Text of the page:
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Joker review : near perfect

Film Reviews

Joker review : near perfect

Joker review : near perfect

A hauntingly beautiful origin flick that is so much more than your typical DC film

He’s a character we all know so well, and with such a complex and interesting back story, how is an origin film not a good idea? Well as it happens, it’s a great idea, and Todd Phillips’ “Joker” delivers a dark and delicious tale with a perfect front man, telling us the story of how Arthur Fleck became the deranged man we know today.

The risk of taking on such a story is the heavy discourse involved, meaning that you’re in for a ride that is so different from the typical action-loaded superhero film that fills the DC universe.

The Joker has been played by a number of iconic actors, most notably Heath Ledger and Jack Nicholson, but what of Arthur Fleck, the man behind the makeup? Joaquin Phoenix takes on the role of the man, who works as a ‘hire-a-clown’ type occupation, lives with his mother (Frances Conroy) and laughs uncontrollably in uncomfortable and confronting situations. Of course his mental illness gets him into trouble, with many taking the cackling personally and confronting Arthur in a violent manner, leaving him trembling on the ground covered in bruises on more than one occasion. Arthur escapes from the real world by getting lost in visions that see him adored, as opposed to laughed at or feared, and when he gets left behind by a social worker who is at the mercy of government funds being cut off, Arthur finds himself alone and his mental health deteriorating quickly.

It’s this turn of events that lead the way for the Joker to be ‘born’, and his clown persona quickly becomes his normal. In many ways, we could all relate to Arthur Fleck and his daily struggles, but as his Joker personality quickly takes over, the similarities end and you see him for who he truly is, and the Joker character you all know so well – the villain.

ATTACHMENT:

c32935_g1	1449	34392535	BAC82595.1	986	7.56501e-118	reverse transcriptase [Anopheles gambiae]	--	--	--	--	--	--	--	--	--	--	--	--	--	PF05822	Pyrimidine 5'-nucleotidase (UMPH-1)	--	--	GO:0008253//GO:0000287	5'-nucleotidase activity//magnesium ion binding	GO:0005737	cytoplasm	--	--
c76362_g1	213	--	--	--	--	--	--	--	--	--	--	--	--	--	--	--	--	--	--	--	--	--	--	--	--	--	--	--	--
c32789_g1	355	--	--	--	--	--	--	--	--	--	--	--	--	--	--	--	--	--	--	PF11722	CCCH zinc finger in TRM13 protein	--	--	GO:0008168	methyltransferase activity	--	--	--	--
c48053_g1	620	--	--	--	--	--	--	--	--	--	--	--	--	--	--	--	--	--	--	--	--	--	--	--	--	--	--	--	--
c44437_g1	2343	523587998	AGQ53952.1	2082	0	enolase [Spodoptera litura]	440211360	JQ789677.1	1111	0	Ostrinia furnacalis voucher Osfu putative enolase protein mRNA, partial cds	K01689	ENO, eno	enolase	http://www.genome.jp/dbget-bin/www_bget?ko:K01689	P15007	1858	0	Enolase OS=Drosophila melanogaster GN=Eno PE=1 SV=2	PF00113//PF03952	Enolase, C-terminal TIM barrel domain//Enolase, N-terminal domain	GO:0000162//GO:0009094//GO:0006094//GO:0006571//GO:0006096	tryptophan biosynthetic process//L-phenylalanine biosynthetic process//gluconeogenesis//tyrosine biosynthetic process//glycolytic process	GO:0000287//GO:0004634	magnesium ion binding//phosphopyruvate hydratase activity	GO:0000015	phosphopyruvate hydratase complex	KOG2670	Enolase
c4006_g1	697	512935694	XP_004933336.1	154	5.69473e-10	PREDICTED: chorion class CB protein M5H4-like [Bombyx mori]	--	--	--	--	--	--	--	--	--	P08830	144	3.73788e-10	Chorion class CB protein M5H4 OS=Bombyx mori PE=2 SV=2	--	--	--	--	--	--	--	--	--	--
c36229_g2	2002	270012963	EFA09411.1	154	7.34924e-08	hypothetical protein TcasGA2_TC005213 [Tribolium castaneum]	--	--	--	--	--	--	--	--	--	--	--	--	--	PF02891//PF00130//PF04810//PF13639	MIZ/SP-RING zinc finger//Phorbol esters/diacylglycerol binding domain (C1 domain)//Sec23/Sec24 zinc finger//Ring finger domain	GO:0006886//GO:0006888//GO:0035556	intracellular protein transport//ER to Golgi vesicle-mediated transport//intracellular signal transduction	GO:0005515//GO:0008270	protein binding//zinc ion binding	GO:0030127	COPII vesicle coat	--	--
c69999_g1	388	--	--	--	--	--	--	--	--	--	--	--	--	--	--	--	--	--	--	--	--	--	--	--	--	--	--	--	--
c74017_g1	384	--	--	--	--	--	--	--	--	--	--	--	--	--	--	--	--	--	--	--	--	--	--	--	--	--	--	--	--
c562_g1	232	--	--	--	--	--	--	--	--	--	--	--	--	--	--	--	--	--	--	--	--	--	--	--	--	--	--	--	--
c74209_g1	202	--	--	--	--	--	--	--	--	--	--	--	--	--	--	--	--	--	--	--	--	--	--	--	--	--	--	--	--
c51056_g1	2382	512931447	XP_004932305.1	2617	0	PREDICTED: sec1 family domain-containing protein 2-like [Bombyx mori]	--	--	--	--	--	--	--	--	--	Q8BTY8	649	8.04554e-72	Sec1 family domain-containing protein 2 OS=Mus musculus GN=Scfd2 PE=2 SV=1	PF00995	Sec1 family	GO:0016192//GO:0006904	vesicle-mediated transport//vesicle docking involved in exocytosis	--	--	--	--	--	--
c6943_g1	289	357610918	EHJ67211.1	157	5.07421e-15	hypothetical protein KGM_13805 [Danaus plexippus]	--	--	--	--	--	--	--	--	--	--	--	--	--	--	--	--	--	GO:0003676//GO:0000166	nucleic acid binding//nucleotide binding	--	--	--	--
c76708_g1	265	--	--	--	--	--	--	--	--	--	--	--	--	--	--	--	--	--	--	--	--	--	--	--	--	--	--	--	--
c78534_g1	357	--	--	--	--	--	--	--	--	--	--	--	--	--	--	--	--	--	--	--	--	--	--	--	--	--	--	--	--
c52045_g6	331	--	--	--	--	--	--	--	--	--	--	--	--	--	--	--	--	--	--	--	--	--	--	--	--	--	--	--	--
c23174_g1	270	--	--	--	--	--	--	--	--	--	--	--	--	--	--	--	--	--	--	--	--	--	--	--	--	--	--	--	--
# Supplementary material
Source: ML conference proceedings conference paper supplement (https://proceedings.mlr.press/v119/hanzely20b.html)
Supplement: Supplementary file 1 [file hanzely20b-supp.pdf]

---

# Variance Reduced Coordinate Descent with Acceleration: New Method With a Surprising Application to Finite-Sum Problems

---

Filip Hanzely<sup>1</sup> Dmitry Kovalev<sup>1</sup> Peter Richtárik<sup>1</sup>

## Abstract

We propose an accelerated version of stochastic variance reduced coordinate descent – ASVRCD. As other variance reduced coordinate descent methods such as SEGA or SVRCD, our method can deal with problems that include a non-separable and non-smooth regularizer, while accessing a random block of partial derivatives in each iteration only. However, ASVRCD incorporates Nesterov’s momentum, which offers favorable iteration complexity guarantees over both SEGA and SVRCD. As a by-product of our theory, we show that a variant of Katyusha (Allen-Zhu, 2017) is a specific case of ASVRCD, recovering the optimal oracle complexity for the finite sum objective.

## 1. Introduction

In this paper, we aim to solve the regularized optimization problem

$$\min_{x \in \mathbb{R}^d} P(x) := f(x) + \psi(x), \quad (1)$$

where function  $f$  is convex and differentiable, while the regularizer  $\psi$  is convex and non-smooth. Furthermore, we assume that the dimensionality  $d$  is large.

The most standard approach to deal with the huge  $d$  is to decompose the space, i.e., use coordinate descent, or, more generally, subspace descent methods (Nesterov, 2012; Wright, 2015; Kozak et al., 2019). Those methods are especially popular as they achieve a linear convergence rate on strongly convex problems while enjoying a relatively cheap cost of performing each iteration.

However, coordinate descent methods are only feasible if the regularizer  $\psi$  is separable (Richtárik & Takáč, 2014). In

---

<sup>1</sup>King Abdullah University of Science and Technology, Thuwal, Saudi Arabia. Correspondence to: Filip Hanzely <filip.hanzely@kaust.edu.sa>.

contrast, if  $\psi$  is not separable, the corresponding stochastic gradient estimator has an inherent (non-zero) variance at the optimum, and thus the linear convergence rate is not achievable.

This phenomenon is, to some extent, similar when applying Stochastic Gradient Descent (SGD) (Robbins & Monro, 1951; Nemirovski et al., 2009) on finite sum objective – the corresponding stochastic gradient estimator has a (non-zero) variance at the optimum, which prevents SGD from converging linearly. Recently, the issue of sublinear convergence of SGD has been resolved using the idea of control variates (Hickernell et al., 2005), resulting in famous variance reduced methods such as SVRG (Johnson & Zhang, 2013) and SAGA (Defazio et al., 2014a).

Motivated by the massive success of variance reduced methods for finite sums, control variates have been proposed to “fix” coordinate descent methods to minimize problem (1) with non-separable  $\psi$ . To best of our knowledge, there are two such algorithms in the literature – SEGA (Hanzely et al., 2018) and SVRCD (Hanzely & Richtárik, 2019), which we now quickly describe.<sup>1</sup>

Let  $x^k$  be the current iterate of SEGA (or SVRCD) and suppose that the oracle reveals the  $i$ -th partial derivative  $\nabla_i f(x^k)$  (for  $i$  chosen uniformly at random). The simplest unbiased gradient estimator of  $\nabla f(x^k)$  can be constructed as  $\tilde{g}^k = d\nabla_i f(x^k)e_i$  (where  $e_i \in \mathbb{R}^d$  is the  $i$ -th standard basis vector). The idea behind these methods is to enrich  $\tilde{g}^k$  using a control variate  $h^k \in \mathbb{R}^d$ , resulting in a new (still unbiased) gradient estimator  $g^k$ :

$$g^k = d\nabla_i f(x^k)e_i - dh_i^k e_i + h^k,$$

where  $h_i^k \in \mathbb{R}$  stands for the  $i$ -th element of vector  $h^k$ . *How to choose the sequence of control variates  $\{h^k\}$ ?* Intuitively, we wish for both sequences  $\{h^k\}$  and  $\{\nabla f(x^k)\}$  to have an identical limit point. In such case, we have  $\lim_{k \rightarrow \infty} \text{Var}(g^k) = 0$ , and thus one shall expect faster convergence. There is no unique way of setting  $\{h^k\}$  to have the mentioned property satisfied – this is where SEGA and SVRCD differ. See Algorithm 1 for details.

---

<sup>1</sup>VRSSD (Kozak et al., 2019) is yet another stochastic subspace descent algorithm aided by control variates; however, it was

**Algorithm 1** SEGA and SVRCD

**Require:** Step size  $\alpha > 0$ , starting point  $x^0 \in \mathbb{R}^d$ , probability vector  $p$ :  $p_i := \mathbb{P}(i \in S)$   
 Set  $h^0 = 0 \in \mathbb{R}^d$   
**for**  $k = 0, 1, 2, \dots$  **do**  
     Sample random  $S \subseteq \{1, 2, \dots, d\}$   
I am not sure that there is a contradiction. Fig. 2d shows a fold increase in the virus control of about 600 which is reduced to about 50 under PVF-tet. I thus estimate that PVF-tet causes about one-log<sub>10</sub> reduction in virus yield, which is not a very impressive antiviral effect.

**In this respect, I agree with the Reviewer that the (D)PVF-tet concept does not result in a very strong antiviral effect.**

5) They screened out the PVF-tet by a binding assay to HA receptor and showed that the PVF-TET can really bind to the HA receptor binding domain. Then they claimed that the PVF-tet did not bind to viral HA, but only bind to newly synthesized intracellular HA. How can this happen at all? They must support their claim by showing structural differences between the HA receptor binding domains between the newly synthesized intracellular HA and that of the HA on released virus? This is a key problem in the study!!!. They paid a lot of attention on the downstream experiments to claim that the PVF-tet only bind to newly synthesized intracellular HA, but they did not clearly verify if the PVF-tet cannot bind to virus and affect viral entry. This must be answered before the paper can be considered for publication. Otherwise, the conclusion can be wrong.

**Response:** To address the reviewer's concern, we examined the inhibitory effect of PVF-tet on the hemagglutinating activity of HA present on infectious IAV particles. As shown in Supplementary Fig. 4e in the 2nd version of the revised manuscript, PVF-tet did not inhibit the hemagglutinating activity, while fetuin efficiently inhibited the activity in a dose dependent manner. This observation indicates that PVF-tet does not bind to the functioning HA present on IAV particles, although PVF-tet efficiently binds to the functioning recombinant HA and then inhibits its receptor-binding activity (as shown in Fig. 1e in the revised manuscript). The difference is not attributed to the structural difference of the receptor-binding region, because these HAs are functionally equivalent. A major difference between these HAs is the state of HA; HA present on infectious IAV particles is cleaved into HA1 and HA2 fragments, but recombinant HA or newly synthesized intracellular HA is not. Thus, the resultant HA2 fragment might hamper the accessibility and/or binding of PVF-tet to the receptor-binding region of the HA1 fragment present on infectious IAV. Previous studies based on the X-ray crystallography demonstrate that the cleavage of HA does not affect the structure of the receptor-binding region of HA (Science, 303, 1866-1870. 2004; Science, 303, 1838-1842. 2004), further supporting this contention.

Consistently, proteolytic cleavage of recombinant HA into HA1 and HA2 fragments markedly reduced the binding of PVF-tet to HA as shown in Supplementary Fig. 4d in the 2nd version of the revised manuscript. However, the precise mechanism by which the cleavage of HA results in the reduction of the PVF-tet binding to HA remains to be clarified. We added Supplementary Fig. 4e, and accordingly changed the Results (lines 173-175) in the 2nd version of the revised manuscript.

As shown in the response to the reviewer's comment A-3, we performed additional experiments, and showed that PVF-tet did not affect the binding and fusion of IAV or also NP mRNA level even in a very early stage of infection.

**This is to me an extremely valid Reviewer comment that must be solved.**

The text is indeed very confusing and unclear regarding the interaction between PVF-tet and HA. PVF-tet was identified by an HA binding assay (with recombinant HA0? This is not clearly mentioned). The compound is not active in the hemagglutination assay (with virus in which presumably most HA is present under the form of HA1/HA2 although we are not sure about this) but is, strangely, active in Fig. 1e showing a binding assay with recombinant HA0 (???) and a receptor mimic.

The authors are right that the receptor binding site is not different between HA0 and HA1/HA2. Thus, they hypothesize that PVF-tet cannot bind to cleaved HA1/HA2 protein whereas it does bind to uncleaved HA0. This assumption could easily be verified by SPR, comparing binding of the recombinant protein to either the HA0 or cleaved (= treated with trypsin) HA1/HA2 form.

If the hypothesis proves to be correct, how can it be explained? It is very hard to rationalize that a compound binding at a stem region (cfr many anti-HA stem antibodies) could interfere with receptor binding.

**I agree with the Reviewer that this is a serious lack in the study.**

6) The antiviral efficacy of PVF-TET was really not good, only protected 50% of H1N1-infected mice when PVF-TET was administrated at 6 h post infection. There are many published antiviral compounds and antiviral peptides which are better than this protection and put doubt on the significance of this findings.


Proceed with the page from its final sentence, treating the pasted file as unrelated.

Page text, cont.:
What Phillips has created is a dark and mysterious tale that is so much more than a typical origin story for a character already well know. It’s much more than a comic-book film, and for that reason alone can be applauded and celebrated. If you are expecting a film full of action and superhero-type adventures, see something else. What you’ll get instead is a very clever, thought-provoking and emotional film that will allow you to understand the man behind the mask more than you ever thought you could.

Phoenix is nothing short of perfect as both Arthur Fleck and Joker, as both characters have their own arc that will have you glued to your chair. Robert DeNiro plays the TV host Murray Franklin, whom Fleck idolises, and is a particular standout in “Joker”. Zazie Beetz plays single mother Sophie, Fleck’s neighbour, for whom he holds a torch for and tries to impress. There’s a few other Gotham City characters you will enjoy, such as the unique take on Thomas Wayne (Brett Cullen), but as with most good movies it’s often more enjoyable going into the film and unwrapping the narrative as it’s presented to you.

“Joker” is hauntingly beautiful, and though shrouded in controversy should be applauded for representing the issues that aren’t often addressed. It’s not your typical DC flick, but that’s what makes it near perfect.

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